While many Americans will visit the many U.S. National Parks this summer, spend time sunbathing along the country’s sandy coastlines or take a spin at any number of action-packed theme parks, others will pack their bags and head abroad, soaking in the culture in cities like Paris, Barcelona and Copenhagen. In addition to the fun parts of jet-setting, travelers also need to think about using credit cards in Europe and making sure they’re prepared.

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Last year, a record number of Americans traveled abroad, with 72.5 million traveling outside the country, compared to 67.1 million who did in 2015. Of the destinations they sought, Europe was the third most popular, with 12.5 million Americans enjoying the region last year.

In addition to confronting a language barrier and cultural differences, many of these travelers will also need to brush up on strategies for using their credit cards in Europe and beyond. That’s because the ways in which Europeans use plastic, and for what items and where, can differ from what Americans are used to.

Chip Cards 101

While U.S. retailers are incorporating chip and PIN, or EMV, technology into their points of sale, the method of payment is prevalent in Europe, where customers insert their chip-enabled cards into the card reader rather than swiping their magnetic strip to transact. This means travelers with just magnetic strips may run into roadblocks when it comes time to make a purchase.

Most chip readers can read magnetic strip cards, though travelers might have issues with self-serve points of sale, such as those at train stations, parking meters and gas stations. To make sure you can still pay, make sure you also carry cash and coins in case they’re needed. If there is an attendant at a nearby ticket window, make sure the vendor accepts your credit card brand and then explain that your charge needs to be processed with a swipe.

Approximately 72.5 million U.S. citizens traveled outside the country in 2016, compared to 67.1 in 2015.1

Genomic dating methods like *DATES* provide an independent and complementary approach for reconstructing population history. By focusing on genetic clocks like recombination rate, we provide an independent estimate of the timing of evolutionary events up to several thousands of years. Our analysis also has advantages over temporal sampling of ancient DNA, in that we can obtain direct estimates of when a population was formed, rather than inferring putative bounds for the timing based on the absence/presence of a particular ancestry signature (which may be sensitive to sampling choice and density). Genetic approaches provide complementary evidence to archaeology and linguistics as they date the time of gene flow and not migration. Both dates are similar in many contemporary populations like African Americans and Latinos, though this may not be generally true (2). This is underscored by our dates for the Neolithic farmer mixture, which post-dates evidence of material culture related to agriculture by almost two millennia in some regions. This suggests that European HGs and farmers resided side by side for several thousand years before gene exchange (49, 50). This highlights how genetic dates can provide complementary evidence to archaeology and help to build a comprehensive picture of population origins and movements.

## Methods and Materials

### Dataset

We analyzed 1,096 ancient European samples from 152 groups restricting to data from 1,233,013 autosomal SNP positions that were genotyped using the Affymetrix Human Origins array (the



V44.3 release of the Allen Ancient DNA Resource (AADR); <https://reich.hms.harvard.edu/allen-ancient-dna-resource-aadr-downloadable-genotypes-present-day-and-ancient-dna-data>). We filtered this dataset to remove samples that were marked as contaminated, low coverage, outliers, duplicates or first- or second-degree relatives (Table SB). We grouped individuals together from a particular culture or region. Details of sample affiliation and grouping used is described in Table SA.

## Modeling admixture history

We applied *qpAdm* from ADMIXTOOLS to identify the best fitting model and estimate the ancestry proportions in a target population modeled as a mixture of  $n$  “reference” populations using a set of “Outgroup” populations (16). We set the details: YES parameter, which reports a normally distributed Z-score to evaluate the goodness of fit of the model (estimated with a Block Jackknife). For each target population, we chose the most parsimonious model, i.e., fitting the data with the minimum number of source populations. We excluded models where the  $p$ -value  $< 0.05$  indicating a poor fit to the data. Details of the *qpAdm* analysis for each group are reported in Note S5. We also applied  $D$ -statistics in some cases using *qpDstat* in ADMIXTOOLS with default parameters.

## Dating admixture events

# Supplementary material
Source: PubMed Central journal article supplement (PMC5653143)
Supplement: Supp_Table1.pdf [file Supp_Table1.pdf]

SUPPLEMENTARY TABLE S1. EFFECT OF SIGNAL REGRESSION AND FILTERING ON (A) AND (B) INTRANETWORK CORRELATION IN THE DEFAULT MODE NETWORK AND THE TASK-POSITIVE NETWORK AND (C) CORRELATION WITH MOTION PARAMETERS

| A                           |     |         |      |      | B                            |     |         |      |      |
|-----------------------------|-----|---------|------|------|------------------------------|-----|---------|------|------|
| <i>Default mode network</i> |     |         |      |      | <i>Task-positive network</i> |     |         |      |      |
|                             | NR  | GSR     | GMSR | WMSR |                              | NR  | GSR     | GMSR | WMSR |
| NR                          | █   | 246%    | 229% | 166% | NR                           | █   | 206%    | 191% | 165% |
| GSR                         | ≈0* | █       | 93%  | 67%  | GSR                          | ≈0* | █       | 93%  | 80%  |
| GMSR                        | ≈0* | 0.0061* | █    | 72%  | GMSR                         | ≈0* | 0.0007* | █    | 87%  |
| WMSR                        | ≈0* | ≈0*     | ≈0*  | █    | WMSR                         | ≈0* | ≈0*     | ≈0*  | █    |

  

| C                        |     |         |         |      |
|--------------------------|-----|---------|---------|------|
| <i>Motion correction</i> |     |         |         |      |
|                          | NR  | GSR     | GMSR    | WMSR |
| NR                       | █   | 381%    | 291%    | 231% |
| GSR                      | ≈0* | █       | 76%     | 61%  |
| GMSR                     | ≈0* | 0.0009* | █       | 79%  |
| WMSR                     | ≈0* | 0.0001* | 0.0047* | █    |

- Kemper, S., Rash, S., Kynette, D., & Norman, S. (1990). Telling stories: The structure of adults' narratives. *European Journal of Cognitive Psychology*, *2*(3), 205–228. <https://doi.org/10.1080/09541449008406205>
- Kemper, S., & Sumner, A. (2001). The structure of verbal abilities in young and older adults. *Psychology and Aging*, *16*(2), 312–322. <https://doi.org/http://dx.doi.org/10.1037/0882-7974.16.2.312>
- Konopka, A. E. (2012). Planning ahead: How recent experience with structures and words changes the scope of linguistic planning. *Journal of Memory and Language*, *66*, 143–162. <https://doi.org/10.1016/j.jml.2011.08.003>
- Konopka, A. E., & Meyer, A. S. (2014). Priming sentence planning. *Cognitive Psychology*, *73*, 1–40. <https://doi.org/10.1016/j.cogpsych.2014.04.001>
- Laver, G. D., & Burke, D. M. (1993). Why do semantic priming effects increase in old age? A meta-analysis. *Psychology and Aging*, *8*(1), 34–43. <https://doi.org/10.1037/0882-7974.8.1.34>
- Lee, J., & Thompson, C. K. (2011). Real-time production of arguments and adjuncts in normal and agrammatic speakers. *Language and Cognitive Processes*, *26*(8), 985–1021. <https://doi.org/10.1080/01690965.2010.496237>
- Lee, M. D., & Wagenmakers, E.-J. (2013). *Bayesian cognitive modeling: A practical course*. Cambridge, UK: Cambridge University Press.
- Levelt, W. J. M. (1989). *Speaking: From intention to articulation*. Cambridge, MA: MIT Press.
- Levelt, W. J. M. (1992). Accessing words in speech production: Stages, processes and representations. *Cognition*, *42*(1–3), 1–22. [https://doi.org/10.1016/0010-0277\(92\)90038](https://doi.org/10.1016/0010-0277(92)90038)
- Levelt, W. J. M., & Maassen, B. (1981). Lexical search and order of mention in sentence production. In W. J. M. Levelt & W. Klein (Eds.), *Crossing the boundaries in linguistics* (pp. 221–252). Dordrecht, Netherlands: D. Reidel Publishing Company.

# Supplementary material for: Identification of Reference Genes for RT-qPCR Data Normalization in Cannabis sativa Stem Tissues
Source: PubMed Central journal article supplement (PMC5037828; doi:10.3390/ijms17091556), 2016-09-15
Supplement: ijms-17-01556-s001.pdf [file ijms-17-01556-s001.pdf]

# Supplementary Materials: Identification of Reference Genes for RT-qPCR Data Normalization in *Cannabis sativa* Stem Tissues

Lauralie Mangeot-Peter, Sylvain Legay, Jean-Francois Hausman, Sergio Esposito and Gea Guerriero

Acceptance Will Vary

In the States, we are used to slapping down our cards for something as little as a pack of gum. Not so in Europe. Many small business vendors and even some cafes and restaurants set minimum charge limits or are cash-only operators. To avoid getting stuck, bring enough local currency to get you through the day or, if you are at a dining establishment, check the vendor’s credit policy before you order. It is also a good idea to bring multiple forms of payment when traveling abroad.

Surprise Fees

Would you like to pay in euro or dollars? If you think this is a simple courtesy, think again. By paying in dollars when you’re in another country, you experience what’s known as “dynamic currency conversion,” which is a charge you pay for the vendor to convert the purchase price for you from the local currency to dollars. The issue here is that the exchange rate used might be one set by the merchant, and worse than you might get at a bank or official currency converter.

Another fee travelers need to be aware of? Foreign transaction fees. Some credit card providers charge additional fees based on your transactions. Before you depart, make sure you speak with your credit card provider to understand the fees. If you aren’t comfortable with the fees you’ll be charged, consider other payment options.

Notify Your Card Carrier of Your Travels

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The last headache you need is for your card to be declined. But in an age of heightened fraud, that’s what could happen if an ever-vigilant card provider sees unusual charges from a foreign country. Alerting them to your plans in advance will allow you to charge without worrying about raising unnecessary alarms.


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